The $146,255 million appropriation is identical to President Obama’s proposed budget, a cut of nearly $9 million from FY 2011, and is a compromise between the House of Representatives number of $135 million and the Senate number of $155 million as previously considered by their respective subcommittees.

Also included in this bill is $24.596 million in funding for the Arts in Education programs at the U.S. Department of Education, which had been zeroed-out in a previous proposal in the House.
Read the rest of this entry »

U.S. Senate Proposal Provides Direction for Future of Arts Education

Posted by Narric Rome On October - 31 - 2011

Narric Rome

On October 19 and 20, after many years of inaction, the U.S. Senate Health, Education, Labor, and Pensions (HELP) Committee began marking up the Senate version of the Elementary and Secondary Education Act (ESEA) reauthorization bill (last reauthorized by the No Child Left Behind Act of 2002).

Americans for the Arts lobbied on several of these issues on behalf of its members and the legislation, as amended, has several items that are of interest to the arts education sector.

The bill offers new insights into the direction of federal education policy and how the arts can fit within it, including the following:

1) Arts education was retained as a “core academic subject” – ensuring that the arts maintains this designation is critical for eligibility to use federal funds locally.

2) The term “core academic subject” has been incorporated into far more programs than No Child Left Behind did. It now places core academic subjects, including the arts, as central to extended learning programs, “highly qualified teacher” qualifications, parental engagement programs, advanced placement and international baccalaureate programs, reading or language arts, and STEM initiatives. This is a giant leap from the diminutive position that “core academic subject” held in the No Child Left Behind Act. Read the rest of this entry »

Beyond Letter Writing & Phone Calls: Relationship-Based Arts Education Advocacy

Posted by Victoria Plettner-Saunders On September - 30 - 2011

Victoria Plettner-Saunders

Over the last few years, I’ve blogged here about our arts education advocacy efforts in San Diego with the San Diego Unified School District. I am the co-founding chair of the San Diego Alliance for Arts Education (SDAAE) which officially launched in May 2010 (although our collective grassroots advocacy work began a year earlier).

As chair of the SDAAE I have been very clear about the approach I want to take in leading the advocacy work that we do. While I believe that public comment and letter writing are important components of advocacy, I am also an evangelist for developing a working relationship with those to whom you are directing your efforts.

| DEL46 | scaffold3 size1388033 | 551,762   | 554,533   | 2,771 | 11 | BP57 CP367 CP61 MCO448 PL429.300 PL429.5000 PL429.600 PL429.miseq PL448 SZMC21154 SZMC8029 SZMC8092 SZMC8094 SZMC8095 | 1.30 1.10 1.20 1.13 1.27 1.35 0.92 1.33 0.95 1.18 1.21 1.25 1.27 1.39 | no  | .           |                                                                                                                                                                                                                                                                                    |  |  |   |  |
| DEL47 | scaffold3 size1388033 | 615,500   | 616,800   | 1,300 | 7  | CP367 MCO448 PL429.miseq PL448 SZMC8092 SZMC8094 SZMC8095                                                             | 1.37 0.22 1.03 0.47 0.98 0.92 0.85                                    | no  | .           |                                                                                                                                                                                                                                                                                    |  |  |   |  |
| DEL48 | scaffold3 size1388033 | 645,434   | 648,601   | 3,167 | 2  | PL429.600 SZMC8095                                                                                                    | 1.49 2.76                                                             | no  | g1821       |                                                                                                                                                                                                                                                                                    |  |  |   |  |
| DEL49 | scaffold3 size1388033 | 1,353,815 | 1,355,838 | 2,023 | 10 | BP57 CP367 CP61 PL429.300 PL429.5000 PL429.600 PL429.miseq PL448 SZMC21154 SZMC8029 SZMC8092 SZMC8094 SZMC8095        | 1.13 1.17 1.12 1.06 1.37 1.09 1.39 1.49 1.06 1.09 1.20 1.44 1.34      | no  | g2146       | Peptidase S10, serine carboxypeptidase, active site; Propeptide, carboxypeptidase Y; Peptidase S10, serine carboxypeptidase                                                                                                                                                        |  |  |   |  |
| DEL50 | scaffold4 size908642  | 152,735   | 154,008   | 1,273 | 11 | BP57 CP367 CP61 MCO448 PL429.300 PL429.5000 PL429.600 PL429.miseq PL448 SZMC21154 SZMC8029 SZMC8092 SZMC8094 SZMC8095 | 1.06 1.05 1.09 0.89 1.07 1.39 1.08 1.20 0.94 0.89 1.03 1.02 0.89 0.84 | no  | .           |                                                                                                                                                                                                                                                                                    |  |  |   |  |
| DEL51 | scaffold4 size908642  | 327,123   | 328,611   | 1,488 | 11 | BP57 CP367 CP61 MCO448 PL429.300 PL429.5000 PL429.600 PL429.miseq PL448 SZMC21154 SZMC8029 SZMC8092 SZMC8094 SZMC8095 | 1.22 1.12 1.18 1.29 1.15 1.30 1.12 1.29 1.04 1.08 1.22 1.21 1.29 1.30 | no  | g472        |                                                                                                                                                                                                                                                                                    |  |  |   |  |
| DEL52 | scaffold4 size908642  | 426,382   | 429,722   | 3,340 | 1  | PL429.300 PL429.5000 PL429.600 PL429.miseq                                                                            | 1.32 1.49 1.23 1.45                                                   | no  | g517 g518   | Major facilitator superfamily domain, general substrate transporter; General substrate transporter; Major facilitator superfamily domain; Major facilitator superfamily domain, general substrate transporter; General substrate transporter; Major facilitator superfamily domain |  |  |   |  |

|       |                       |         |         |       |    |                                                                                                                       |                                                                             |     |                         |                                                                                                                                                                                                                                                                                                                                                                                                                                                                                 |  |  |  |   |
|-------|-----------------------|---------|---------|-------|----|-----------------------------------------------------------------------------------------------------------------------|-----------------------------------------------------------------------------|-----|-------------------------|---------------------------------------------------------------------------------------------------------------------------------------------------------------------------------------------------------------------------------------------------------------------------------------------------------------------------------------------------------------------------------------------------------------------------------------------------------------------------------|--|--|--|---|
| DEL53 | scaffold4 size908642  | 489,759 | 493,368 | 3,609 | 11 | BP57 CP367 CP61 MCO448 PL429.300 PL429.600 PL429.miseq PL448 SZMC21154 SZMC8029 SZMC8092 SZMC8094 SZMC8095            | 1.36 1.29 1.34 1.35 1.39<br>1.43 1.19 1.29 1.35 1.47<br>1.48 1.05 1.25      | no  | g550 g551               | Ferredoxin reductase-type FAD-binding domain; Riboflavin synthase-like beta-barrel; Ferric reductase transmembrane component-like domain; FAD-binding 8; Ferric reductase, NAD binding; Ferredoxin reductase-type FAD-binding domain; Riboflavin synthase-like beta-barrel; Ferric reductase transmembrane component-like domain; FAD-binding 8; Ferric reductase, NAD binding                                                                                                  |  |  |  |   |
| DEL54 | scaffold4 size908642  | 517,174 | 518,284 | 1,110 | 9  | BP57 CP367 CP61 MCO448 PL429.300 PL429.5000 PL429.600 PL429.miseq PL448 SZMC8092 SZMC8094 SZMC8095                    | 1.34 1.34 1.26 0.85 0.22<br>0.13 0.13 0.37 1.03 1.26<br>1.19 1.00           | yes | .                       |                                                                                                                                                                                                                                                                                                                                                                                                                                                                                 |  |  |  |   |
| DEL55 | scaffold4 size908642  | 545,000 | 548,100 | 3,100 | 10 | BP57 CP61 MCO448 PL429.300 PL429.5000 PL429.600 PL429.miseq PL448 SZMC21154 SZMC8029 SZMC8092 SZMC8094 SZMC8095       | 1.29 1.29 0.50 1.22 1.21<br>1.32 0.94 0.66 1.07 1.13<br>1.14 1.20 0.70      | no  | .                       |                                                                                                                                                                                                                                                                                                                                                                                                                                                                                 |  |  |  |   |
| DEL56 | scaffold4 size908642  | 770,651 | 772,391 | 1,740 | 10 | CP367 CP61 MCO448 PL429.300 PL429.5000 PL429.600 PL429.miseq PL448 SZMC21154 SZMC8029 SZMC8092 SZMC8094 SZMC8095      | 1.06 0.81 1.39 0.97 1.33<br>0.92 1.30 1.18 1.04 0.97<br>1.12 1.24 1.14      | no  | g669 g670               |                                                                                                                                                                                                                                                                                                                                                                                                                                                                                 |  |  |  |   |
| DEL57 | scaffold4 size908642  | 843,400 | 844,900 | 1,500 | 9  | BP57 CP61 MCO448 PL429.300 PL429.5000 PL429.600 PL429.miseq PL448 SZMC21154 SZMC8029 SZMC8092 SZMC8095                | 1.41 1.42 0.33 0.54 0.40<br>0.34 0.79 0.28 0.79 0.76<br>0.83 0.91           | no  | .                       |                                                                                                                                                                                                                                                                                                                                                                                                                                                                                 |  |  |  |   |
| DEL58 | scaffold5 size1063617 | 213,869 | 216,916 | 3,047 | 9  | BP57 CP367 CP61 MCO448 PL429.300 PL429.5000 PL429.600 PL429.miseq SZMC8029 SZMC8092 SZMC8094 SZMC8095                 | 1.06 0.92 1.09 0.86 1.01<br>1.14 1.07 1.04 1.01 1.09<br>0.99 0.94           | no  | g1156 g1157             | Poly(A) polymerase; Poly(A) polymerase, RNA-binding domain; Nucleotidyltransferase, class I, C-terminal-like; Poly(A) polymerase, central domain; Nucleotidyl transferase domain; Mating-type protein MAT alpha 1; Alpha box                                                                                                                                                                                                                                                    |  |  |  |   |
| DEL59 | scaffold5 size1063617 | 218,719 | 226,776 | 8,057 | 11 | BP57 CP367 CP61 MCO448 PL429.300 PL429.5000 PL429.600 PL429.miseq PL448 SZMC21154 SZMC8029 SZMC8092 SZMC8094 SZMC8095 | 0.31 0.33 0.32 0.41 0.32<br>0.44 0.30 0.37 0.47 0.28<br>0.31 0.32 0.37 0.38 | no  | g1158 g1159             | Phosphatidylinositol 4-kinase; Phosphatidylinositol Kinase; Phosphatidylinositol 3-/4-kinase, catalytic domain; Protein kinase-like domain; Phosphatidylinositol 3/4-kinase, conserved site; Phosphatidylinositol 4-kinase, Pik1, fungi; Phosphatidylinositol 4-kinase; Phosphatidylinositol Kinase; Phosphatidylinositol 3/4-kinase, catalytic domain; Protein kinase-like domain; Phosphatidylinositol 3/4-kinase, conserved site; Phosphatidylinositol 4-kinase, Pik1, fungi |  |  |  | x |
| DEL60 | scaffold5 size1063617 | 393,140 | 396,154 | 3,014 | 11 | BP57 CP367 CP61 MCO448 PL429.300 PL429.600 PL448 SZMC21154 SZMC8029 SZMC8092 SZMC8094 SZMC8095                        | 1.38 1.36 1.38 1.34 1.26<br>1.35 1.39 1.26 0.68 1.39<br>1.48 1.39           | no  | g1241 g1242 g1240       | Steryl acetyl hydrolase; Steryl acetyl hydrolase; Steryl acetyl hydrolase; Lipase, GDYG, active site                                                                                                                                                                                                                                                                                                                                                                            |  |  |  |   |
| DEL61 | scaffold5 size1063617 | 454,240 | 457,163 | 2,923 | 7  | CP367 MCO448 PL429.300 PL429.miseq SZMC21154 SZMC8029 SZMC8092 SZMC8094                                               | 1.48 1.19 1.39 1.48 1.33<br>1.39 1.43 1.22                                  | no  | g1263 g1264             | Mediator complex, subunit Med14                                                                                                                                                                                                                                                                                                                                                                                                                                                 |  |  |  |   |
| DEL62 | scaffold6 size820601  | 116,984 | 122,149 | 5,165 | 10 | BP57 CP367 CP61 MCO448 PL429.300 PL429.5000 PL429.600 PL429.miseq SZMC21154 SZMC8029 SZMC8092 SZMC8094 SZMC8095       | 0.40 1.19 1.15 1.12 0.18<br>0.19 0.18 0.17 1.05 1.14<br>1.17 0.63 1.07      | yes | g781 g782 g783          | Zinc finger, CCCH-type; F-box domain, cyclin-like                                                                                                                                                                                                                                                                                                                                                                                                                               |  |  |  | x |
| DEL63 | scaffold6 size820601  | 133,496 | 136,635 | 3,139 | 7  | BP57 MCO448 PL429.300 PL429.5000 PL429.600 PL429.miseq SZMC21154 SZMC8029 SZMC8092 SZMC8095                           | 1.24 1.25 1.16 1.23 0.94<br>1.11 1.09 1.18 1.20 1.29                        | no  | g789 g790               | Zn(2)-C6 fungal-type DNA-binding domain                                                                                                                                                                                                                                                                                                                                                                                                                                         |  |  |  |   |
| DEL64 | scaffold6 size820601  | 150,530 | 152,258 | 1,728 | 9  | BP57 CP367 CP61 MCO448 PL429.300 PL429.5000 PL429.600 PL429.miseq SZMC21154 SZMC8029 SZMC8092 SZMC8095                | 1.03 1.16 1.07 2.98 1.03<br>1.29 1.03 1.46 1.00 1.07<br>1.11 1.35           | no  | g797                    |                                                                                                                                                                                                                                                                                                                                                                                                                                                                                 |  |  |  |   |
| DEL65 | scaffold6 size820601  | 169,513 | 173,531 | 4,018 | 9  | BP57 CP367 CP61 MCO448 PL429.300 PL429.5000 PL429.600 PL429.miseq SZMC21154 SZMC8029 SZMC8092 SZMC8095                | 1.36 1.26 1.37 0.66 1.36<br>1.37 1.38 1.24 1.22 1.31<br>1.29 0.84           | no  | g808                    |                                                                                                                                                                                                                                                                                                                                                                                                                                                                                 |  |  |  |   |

In this case, it’s our local school board. We have always carried the message to them that we want to be partners in supporting arts education and that we are available as a helpful resource for them. As a result, members have called when they have decisions to make or proposals to craft that they know will affect outcomes in the Visual and Performing Arts (VAPA) Department.

Most recently, the school board asked community members to assist with what they call “Tiger Teams.” These teams are essentially efforts to get new information and an outside perspective about way that various district departments do business. Read the rest of this entry »

Update: Revising the National Arts Standards

Posted by Lynne Kingsley On September - 20 - 2011
Lynne Kingsley

Lynne Kingsley

Since Tim Mikulski’s post on June 13 about the national arts standards, a lot has been happening!

On August 30, the National Coalition for Core Arts Standards (NCCAS) convened a meeting to bring stakeholders up to speed with the revision process of the 1994 National Arts Standards.

The meeting, held at National Association for Music Education (formerly MENC) headquarters, gathered together artsed heavy hitters from all over the country: from the NCCAS leadership team, as well as representatives from organizations such as the Kennedy Center, the National Endowment of the Arts, Americans for the Arts, Wolf Trap, and more. In addition, in order to remain fully inclusive, the meeting was open to the public via live video streaming (full list of participants may be found here).

Revision Process Timeline
The meeting began with facilitator Marcia McCaffrey, arts guru from the New Hampshire Department of Education, giving a background on NCCAS and the process thus far. Marcia challenged us to consider benefits/challenges of a conceptual framework and shared the projected timeline for standards writing:

9/2011: Hiring of Project Director
11/2011: NCCAS issues guiding principles for a conceptual framework
12/2011: Standards writing teams established by NCCAS
1/2012-6/2012: Project Director manages the writing and revision of standards draft.
7/2012: Release & dissemination of draft version of revised standards document for public comment